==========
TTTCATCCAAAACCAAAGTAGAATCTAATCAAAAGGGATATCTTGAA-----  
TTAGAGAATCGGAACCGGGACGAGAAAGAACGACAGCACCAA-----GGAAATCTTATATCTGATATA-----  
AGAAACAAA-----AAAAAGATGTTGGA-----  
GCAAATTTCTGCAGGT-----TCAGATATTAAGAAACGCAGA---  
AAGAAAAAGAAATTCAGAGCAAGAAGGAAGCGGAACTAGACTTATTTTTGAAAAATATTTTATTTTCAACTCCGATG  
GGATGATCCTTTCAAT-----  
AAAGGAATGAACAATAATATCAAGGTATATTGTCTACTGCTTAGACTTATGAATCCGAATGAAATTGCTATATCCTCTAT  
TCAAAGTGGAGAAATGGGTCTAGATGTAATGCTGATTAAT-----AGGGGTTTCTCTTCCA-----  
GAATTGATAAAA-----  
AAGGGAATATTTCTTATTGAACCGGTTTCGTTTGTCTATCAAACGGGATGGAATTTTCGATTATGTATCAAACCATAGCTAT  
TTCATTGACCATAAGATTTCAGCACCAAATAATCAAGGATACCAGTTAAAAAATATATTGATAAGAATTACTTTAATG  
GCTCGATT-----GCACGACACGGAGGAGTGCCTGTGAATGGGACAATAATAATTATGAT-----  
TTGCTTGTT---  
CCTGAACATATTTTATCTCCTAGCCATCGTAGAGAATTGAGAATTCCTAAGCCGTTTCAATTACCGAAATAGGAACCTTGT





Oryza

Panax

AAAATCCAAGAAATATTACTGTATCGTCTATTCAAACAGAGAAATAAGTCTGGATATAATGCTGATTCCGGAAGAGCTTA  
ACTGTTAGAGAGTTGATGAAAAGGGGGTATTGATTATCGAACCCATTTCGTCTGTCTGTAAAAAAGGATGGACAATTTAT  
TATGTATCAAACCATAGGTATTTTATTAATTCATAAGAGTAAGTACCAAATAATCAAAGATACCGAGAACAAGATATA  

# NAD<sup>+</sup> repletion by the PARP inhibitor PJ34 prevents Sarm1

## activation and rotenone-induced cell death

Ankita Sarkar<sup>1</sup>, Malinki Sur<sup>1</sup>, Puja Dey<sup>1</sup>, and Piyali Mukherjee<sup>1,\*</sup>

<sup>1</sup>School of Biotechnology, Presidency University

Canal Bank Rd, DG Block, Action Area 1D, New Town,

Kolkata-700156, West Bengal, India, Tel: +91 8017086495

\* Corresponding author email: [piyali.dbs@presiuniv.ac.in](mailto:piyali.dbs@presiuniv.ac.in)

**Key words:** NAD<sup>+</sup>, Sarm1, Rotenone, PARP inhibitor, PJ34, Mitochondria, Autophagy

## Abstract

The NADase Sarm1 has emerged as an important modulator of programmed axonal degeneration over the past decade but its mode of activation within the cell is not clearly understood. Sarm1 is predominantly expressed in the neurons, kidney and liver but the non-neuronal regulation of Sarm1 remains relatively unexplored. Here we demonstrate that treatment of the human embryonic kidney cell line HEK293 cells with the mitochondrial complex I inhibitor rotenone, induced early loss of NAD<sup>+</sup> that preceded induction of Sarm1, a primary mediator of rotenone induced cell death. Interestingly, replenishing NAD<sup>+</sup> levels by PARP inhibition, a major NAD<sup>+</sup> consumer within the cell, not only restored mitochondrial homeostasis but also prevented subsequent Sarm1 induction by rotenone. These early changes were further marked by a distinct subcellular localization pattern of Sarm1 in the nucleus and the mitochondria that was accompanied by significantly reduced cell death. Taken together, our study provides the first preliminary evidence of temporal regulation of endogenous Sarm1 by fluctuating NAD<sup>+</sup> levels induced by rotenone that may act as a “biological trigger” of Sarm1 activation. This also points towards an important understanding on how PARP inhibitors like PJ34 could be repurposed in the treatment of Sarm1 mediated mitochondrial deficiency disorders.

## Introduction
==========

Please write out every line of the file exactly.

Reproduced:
TTTCATCCAAAACCAAAGTAGAATCTAATCAAAAGGGATATCTTGAA-----  
TTAGAGAATCGGAACCGGGACGAGAAAGAACGACAGCACCAA-----GGAAATCTTATATCTGATATA-----  
AGAAACAAA-----AAAAAGATGTTGGA-----  
GCAAATTTCTGCAGGT-----TCAGATATTAAGAAACGCAGA---  
AAGAAAAAGAAATTCAGAGCAAGAAGGAAGCGGAACTAGACTTATTTTTGAAAAATATTTTATTTTCAACTCCGATG  
GGATGATCCTTTCAAT-----  
AAAGGAATGAACAATAATATCAAGGTATATTGTCTACTGCTTAGACTTATGAATCCGAATGAAATTGCTATATCCTCTAT  
TCAAAGTGGAGAAATGGGTCTAGATGTAATGCTGATTAAT-----AGGGGTTTCTCTTCCA-----  
GAATTGATAAAA-----  
AAGGGAATATTTCTTATTGAACCGGTTTCGTTTGTCTATCAAACGGGATGGAATTTTCGATTATGTATCAAACCATAGCTAT  
TTCATTGACCATAAGATTTCAGCACCAAATAATCAAGGATACCAGTTAAAAAATATATTGATAAGAATTACTTTAATG  
GCTCGATT-----GCACGACACGGAGGAGTGCCTGTGAATGGGACAATAATAATTATGAT-----  
TTGCTTGTT---  
CCTGAACATATTTTATCTCCTAGCCATCGTAGAGAATTGAGAATTCCTAAGCCGTTTCAATTACCGAAATAGGAACCTTGT





Oryza

Panax

AAAATCCAAGAAATATTACTGTATCGTCTATTCAAACAGAGAAATAAGTCTGGATATAATGCTGATTCCGGAAGAGCTTA  
ACTGTTAGAGAGTTGATGAAAAGGGGGTATTGATTATCGAACCCATTTCGTCTGTCTGTAAAAAAGGATGGACAATTTAT  
TATGTATCAAACCATAGGTATTTTATTAATTCATAAGAGTAAGTACCAAATAATCAAAGATACCGAGAACAAGATATA  

# NAD<sup>+</sup> repletion by the PARP inhibitor PJ34 prevents Sarm1

## activation and rotenone-induced cell death

Ankita Sarkar<sup>1</sup>, Malinki Sur<sup>1</sup>, Puja Dey<sup>1</sup>, and Piyali Mukherjee<sup>1,\*</sup>

<sup>1</sup>School of Biotechnology, Presidency University

Canal Bank Rd, DG Block, Action Area 1D, New Town,

Kolkata-700156, West Bengal, India, Tel: +91 8017086495

\* Corresponding author email: [piyali.dbs@presiuniv.ac.in](mailto:piyali.dbs@presiuniv.ac.in)

**Key words:** NAD<sup>+</sup>, Sarm1, Rotenone, PARP inhibitor, PJ34, Mitochondria, Autophagy

## Abstract

The NADase Sarm1 has emerged as an important modulator of programmed axonal degeneration over the past decade but its mode of activation within the cell is not clearly understood. Sarm1 is predominantly expressed in the neurons, kidney and liver but the non-neuronal regulation of Sarm1 remains relatively unexplored. Here we demonstrate that treatment of the human embryonic kidney cell line HEK293 cells with the mitochondrial complex I inhibitor rotenone, induced early loss of NAD<sup>+</sup> that preceded induction of Sarm1, a primary mediator of rotenone induced cell death. Interestingly, replenishing NAD<sup>+</sup> levels by PARP inhibition, a major NAD<sup>+</sup> consumer within the cell, not only restored mitochondrial homeostasis but also prevented subsequent Sarm1 induction by rotenone. These early changes were further marked by a distinct subcellular localization pattern of Sarm1 in the nucleus and the mitochondria that was accompanied by significantly reduced cell death. Taken together, our study provides the first preliminary evidence of temporal regulation of endogenous Sarm1 by fluctuating NAD<sup>+</sup> levels induced by rotenone that may act as a “biological trigger” of Sarm1 activation. This also points towards an important understanding on how PARP inhibitors like PJ34 could be repurposed in the treatment of Sarm1 mediated mitochondrial deficiency disorders.

## Introduction